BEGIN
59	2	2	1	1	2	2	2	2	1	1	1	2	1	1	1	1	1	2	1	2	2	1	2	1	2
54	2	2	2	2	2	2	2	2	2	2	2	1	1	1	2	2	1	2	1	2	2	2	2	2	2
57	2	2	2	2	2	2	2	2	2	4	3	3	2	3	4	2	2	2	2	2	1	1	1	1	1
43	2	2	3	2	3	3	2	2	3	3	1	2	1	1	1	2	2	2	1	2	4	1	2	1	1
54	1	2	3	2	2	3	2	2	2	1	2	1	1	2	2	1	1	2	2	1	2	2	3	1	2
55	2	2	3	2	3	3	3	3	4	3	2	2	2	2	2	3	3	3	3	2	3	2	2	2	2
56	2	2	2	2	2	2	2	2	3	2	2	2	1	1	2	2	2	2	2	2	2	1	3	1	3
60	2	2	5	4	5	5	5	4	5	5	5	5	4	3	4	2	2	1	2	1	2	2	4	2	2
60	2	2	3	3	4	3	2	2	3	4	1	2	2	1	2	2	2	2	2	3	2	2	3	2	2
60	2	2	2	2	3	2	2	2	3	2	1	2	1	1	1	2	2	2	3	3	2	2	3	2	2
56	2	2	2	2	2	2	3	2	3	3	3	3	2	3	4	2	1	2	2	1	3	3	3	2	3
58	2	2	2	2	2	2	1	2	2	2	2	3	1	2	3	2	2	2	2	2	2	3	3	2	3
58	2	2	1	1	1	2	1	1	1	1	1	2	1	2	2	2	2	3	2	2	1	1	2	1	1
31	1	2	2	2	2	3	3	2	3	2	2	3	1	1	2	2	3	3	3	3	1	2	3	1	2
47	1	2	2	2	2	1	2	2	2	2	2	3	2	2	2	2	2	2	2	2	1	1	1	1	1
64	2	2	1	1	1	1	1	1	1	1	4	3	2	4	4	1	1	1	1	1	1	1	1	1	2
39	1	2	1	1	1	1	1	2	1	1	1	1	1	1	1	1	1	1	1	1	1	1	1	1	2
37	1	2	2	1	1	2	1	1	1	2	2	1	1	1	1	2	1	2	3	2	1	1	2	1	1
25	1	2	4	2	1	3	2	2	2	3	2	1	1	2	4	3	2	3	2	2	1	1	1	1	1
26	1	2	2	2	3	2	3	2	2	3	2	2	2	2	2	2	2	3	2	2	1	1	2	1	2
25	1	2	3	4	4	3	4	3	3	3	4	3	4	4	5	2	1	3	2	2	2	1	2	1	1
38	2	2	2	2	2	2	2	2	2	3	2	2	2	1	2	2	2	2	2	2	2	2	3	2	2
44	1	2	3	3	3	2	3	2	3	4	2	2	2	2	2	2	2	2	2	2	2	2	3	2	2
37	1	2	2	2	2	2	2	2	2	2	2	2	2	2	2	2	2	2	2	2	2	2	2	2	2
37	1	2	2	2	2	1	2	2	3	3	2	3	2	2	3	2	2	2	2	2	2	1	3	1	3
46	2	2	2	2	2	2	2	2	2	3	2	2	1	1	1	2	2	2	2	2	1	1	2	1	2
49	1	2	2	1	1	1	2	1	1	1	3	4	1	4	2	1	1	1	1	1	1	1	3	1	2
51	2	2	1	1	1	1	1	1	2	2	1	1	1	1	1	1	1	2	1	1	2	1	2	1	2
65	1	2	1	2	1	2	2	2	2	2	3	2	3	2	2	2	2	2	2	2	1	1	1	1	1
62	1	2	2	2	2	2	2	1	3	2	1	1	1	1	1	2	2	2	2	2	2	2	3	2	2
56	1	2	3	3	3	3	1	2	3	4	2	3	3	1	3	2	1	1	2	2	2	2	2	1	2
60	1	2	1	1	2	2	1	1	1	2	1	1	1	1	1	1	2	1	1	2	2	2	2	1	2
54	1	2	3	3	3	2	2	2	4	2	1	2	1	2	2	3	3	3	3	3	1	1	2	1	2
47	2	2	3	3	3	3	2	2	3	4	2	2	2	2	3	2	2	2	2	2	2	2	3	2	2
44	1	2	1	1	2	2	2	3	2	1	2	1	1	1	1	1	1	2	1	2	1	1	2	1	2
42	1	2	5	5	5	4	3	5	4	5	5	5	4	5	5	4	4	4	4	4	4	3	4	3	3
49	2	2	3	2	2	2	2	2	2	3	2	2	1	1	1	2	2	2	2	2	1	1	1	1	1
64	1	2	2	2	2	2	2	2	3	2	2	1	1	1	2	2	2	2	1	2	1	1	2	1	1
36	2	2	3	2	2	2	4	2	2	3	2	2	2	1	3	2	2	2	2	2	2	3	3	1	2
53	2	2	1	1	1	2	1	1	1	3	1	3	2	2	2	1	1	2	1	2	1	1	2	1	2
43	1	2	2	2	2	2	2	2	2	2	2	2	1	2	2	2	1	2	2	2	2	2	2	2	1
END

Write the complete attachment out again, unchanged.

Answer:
59	2	2	1	1	2	2	2	2	1	1	1	2	1	1	1	1	1	2	1	2	2	1	2	1	2
54	2	2	2	2	2	2	2	2	2	2	2	1	1	1	2	2	1	2	1	2	2	2	2	2	2
57	2	2	2	2	2	2	2	2	2	4	3	3	2	3	4	2	2	2	2	2	1	1	1	1	1
43	2	2	3	2	3	3	2	2	3	3	1	2	1	1	1	2	2	2	1	2	4	1	2	1	1
54	1	2	3	2	2	3	2	2	2	1	2	1	1	2	2	1	1	2	2	1	2	2	3	1	2
55	2	2	3	2	3	3	3	3	4	3	2	2	2	2	2	3	3	3	3	2	3	2	2	2	2
56	2	2	2	2	2	2	2	2	3	2	2	2	1	1	2	2	2	2	2	2	2	1	3	1	3
60	2	2	5	4	5	5	5	4	5	5	5	5	4	3	4	2	2	1	2	1	2	2	4	2	2
60	2	2	3	3	4	3	2	2	3	4	1	2	2	1	2	2	2	2	2	3	2	2	3	2	2
60	2	2	2	2	3	2	2	2	3	2	1	2	1	1	1	2	2	2	3	3	2	2	3	2	2
56	2	2	2	2	2	2	3	2	3	3	3	3	2	3	4	2	1	2	2	1	3	3	3	2	3
58	2	2	2	2	2	2	1	2	2	2	2	3	1	2	3	2	2	2	2	2	2	3	3	2	3
58	2	2	1	1	1	2	1	1	1	1	1	2	1	2	2	2	2	3	2	2	1	1	2	1	1
31	1	2	2	2	2	3	3	2	3	2	2	3	1	1	2	2	3	3	3	3	1	2	3	1	2
47	1	2	2	2	2	1	2	2	2	2	2	3	2	2	2	2	2	2	2	2	1	1	1	1	1
64	2	2	1	1	1	1	1	1	1	1	4	3	2	4	4	1	1	1	1	1	1	1	1	1	2
39	1	2	1	1	1	1	1	2	1	1	1	1	1	1	1	1	1	1	1	1	1	1	1	1	2
37	1	2	2	1	1	2	1	1	1	2	2	1	1	1	1	2	1	2	3	2	1	1	2	1	1
25	1	2	4	2	1	3	2	2	2	3	2	1	1	2	4	3	2	3	2	2	1	1	1	1	1
26	1	2	2	2	3	2	3	2	2	3	2	2	2	2	2	2	2	3	2	2	1	1	2	1	2
25	1	2	3	4	4	3	4	3	3	3	4	3	4	4	5	2	1	3	2	2	2	1	2	1	1
38	2	2	2	2	2	2	2	2	2	3	2	2	2	1	2	2	2	2	2	2	2	2	3	2	2
44	1	2	3	3	3	2	3	2	3	4	2	2	2	2	2	2	2	2	2	2	2	2	3	2	2
37	1	2	2	2	2	2	2	2	2	2	2	2	2	2	2	2	2	2	2	2	2	2	2	2	2
37	1	2	2	2	2	1	2	2	3	3	2	3	2	2	3	2	2	2	2	2	2	1	3	1	3
46	2	2	2	2	2	2	2	2	2	3	2	2	1	1	1	2	2	2	2	2	1	1	2	1	2
49	1	2	2	1	1	1	2	1	1	1	3	4	1	4	2	1	1	1	1	1	1	1	3	1	2
51	2	2	1	1	1	1	1	1	2	2	1	1	1	1	1	1	1	2	1	1	2	1	2	1	2
65	1	2	1	2	1	2	2	2	2	2	3	2	3	2	2	2	2	2	2	2	1	1	1	1	1
62	1	2	2	2	2	2	2	1	3	2	1	1	1	1	1	2	2	2	2	2	2	2	3	2	2
56	1	2	3	3	3	3	1	2	3	4	2	3	3	1	3	2	1	1	2	2	2	2	2	1	2
60	1	2	1	1	2	2	1	1	1	2	1	1	1	1	1	1	2	1	1	2	2	2	2	1	2
54	1	2	3	3	3	2	2	2	4	2	1	2	1	2	2	3	3	3	3	3	1	1	2	1	2
47	2	2	3	3	3	3	2	2	3	4	2	2	2	2	3	2	2	2	2	2	2	2	3	2	2
44	1	2	1	1	2	2	2	3	2	1	2	1	1	1	1	1	1	2	1	2	1	1	2	1	2
42	1	2	5	5	5	4	3	5	4	5	5	5	4	5	5	4	4	4	4	4	4	3	4	3	3
49	2	2	3	2	2	2	2	2	2	3	2	2	1	1	1	2	2	2	2	2	1	1	1	1	1
64	1	2	2	2	2	2	2	2	3	2	2	1	1	1	2	2	2	2	1	2	1	1	2	1	1
36	2	2	3	2	2	2	4	2	2	3	2	2	2	1	3	2	2	2	2	2	2	3	3	1	2
53	2	2	1	1	1	2	1	1	1	3	1	3	2	2	2	1	1	2	1	2	1	1	2	1	2
43	1	2	2	2	2	2	2	2	2	2	2	2	1	2	2	2	1	2	2	2	2	2	2	2	1